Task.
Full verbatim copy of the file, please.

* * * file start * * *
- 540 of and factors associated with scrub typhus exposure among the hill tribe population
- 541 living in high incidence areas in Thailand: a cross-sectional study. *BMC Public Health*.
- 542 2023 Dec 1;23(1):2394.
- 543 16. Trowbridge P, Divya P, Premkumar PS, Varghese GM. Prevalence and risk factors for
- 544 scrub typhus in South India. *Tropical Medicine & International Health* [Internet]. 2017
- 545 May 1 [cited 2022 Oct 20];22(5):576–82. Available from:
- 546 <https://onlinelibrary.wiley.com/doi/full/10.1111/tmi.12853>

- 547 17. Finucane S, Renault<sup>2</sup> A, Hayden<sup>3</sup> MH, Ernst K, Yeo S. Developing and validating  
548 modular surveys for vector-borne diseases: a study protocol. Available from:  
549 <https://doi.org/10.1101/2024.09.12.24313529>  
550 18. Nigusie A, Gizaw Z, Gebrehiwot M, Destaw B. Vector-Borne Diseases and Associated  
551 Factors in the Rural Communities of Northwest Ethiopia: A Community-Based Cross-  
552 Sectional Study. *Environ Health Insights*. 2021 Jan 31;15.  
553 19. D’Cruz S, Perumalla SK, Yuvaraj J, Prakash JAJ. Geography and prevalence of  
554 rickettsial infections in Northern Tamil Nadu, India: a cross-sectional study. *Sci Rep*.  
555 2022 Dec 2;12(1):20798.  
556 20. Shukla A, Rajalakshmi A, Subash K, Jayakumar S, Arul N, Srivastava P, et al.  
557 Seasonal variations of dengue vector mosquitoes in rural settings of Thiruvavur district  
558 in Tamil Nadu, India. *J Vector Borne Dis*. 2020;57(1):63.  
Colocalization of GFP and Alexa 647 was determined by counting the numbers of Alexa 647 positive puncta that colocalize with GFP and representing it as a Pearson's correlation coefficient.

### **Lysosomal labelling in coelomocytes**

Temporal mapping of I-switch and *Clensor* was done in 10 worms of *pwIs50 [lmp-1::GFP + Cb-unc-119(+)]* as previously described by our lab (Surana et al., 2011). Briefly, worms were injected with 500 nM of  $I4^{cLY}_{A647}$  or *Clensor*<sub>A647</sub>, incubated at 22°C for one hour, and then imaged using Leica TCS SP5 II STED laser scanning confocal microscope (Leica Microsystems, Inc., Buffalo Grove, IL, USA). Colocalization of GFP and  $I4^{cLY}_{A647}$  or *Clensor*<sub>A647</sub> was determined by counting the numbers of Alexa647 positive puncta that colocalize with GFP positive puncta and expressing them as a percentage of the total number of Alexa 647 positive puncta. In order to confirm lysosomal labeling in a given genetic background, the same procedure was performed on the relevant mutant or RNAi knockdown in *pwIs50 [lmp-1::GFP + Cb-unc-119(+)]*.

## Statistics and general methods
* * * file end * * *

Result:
- 540 of and factors associated with scrub typhus exposure among the hill tribe population
- 541 living in high incidence areas in Thailand: a cross-sectional study. *BMC Public Health*.
- 542 2023 Dec 1;23(1):2394.
- 543 16. Trowbridge P, Divya P, Premkumar PS, Varghese GM. Prevalence and risk factors for
- 544 scrub typhus in South India. *Tropical Medicine & International Health* [Internet]. 2017
- 545 May 1 [cited 2022 Oct 20];22(5):576–82. Available from:
- 546 <https://onlinelibrary.wiley.com/doi/full/10.1111/tmi.12853>

- 547 17. Finucane S, Renault<sup>2</sup> A, Hayden<sup>3</sup> MH, Ernst K, Yeo S. Developing and validating  
548 modular surveys for vector-borne diseases: a study protocol. Available from:  
549 <https://doi.org/10.1101/2024.09.12.24313529>  
550 18. Nigusie A, Gizaw Z, Gebrehiwot M, Destaw B. Vector-Borne Diseases and Associated  
551 Factors in the Rural Communities of Northwest Ethiopia: A Community-Based Cross-  
552 Sectional Study. *Environ Health Insights*. 2021 Jan 31;15.  
553 19. D’Cruz S, Perumalla SK, Yuvaraj J, Prakash JAJ. Geography and prevalence of  
554 rickettsial infections in Northern Tamil Nadu, India: a cross-sectional study. *Sci Rep*.  
555 2022 Dec 2;12(1):20798.  
556 20. Shukla A, Rajalakshmi A, Subash K, Jayakumar S, Arul N, Srivastava P, et al.  
557 Seasonal variations of dengue vector mosquitoes in rural settings of Thiruvavur district  
558 in Tamil Nadu, India. *J Vector Borne Dis*. 2020;57(1):63.  
Colocalization of GFP and Alexa 647 was determined by counting the numbers of Alexa 647 positive puncta that colocalize with GFP and representing it as a Pearson's correlation coefficient.

### **Lysosomal labelling in coelomocytes**

Temporal mapping of I-switch and *Clensor* was done in 10 worms of *pwIs50 [lmp-1::GFP + Cb-unc-119(+)]* as previously described by our lab (Surana et al., 2011). Briefly, worms were injected with 500 nM of  $I4^{cLY}_{A647}$  or *Clensor*<sub>A647</sub>, incubated at 22°C for one hour, and then imaged using Leica TCS SP5 II STED laser scanning confocal microscope (Leica Microsystems, Inc., Buffalo Grove, IL, USA). Colocalization of GFP and  $I4^{cLY}_{A647}$  or *Clensor*<sub>A647</sub> was determined by counting the numbers of Alexa647 positive puncta that colocalize with GFP positive puncta and expressing them as a percentage of the total number of Alexa 647 positive puncta. In order to confirm lysosomal labeling in a given genetic background, the same procedure was performed on the relevant mutant or RNAi knockdown in *pwIs50 [lmp-1::GFP + Cb-unc-119(+)]*.

## Statistics and general methods